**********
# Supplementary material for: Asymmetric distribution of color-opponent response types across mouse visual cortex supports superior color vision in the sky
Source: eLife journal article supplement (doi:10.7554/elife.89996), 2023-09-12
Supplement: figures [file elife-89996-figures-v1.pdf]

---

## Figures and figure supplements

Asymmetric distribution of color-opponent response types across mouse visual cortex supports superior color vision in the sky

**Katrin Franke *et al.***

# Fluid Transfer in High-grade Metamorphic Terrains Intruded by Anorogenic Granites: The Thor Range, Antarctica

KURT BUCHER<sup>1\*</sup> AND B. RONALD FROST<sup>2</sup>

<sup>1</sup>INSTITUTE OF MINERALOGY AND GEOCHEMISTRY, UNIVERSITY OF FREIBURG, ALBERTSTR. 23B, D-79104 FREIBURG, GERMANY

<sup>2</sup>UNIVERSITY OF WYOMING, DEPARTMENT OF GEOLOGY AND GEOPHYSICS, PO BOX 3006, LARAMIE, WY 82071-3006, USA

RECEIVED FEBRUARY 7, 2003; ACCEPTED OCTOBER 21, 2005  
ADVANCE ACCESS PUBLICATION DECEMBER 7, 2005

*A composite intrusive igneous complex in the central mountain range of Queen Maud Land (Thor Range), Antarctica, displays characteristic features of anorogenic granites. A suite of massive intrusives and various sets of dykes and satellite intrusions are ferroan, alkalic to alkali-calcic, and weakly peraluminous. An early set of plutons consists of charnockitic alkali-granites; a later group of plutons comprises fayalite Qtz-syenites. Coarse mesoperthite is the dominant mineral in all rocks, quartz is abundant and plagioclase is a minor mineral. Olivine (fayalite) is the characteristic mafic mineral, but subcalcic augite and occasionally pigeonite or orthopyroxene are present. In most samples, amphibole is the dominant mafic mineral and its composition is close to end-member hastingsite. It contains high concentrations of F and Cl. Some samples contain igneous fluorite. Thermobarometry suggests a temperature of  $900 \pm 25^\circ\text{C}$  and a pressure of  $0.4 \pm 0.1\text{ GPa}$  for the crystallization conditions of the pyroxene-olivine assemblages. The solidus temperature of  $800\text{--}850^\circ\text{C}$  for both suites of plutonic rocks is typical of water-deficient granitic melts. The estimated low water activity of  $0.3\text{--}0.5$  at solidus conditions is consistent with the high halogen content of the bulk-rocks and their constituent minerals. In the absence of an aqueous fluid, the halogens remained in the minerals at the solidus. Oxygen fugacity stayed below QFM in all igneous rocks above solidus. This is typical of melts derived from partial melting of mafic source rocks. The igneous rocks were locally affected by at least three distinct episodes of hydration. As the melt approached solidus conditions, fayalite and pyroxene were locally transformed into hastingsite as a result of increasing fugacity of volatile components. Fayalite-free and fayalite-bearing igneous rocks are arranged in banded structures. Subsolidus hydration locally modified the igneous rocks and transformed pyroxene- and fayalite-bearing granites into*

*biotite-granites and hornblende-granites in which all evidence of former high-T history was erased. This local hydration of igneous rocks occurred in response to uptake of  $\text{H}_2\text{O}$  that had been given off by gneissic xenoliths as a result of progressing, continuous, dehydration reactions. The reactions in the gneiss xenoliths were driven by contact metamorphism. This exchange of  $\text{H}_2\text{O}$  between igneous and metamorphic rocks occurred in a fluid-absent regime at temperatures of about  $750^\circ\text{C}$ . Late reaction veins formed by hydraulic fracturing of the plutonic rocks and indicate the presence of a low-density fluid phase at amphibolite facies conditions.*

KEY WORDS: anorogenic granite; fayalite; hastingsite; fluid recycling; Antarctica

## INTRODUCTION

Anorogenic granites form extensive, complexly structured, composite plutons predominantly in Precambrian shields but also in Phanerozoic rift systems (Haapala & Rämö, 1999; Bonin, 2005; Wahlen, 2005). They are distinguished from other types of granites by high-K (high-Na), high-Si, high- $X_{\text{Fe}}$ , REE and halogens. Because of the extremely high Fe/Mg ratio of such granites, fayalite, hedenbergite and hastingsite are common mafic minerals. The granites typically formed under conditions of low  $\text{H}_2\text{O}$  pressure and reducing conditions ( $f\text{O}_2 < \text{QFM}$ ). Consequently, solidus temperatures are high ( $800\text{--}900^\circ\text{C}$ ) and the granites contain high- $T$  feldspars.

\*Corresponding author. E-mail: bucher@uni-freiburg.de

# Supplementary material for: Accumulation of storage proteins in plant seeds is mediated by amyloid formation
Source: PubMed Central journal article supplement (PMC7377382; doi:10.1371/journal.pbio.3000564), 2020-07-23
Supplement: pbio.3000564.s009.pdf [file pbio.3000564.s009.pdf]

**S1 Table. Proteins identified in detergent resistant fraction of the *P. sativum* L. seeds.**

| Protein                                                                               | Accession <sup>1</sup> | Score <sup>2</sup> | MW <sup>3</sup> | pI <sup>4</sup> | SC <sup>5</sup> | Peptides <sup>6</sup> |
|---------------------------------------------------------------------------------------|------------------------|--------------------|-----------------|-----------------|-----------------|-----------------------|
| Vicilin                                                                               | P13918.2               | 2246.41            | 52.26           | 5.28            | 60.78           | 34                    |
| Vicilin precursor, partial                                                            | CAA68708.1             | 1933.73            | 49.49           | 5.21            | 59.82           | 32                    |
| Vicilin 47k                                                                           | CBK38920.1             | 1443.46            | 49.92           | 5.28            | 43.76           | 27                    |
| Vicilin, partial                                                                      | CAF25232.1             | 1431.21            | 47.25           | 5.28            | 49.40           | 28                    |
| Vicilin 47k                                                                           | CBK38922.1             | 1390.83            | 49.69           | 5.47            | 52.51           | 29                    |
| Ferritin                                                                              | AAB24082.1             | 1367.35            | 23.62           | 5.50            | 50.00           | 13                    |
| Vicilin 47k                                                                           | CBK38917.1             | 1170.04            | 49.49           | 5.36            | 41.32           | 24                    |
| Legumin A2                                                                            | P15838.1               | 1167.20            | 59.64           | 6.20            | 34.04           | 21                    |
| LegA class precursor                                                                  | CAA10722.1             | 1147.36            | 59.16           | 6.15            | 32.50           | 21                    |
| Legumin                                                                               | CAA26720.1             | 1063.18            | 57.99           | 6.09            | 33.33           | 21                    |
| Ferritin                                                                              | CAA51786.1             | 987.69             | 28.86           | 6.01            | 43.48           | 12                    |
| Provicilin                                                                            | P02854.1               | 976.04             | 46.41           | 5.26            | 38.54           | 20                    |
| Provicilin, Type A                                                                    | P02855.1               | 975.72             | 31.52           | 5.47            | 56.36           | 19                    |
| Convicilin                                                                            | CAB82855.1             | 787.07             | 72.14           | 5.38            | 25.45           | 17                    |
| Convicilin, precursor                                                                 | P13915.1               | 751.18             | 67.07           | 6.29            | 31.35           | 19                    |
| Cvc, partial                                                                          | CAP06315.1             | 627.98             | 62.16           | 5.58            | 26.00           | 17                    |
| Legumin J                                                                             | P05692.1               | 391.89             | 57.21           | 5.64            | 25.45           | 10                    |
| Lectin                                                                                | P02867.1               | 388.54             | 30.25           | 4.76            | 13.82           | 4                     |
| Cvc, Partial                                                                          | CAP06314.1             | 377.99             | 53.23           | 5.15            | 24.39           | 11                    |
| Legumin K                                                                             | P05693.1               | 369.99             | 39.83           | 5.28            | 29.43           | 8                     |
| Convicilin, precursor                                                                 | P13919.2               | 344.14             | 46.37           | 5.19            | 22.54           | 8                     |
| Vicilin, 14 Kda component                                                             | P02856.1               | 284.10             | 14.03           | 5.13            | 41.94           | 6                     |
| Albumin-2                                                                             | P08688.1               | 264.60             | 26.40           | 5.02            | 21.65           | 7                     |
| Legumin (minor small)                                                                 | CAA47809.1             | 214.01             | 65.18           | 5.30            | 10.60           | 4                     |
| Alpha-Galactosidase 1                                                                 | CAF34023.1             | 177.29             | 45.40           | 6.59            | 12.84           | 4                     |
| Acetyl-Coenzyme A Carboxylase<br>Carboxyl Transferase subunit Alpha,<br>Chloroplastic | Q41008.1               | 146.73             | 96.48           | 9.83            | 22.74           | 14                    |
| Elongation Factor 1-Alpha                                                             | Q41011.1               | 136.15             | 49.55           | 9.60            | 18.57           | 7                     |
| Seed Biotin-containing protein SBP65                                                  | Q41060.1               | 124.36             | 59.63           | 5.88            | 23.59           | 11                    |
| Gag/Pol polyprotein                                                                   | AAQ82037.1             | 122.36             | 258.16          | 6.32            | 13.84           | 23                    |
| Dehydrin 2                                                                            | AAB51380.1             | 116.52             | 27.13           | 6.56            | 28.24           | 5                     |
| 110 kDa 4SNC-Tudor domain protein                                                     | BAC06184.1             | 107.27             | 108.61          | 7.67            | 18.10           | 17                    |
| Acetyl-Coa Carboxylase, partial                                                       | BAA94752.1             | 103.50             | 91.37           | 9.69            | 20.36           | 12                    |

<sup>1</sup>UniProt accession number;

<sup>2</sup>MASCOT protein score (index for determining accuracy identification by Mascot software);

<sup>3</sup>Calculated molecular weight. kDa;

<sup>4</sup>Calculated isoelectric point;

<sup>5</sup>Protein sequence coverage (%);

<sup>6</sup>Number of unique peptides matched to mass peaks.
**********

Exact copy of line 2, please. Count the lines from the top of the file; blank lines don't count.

Source: eLife journal article supplement (doi:10.7554/elife.89996), 2023-09-12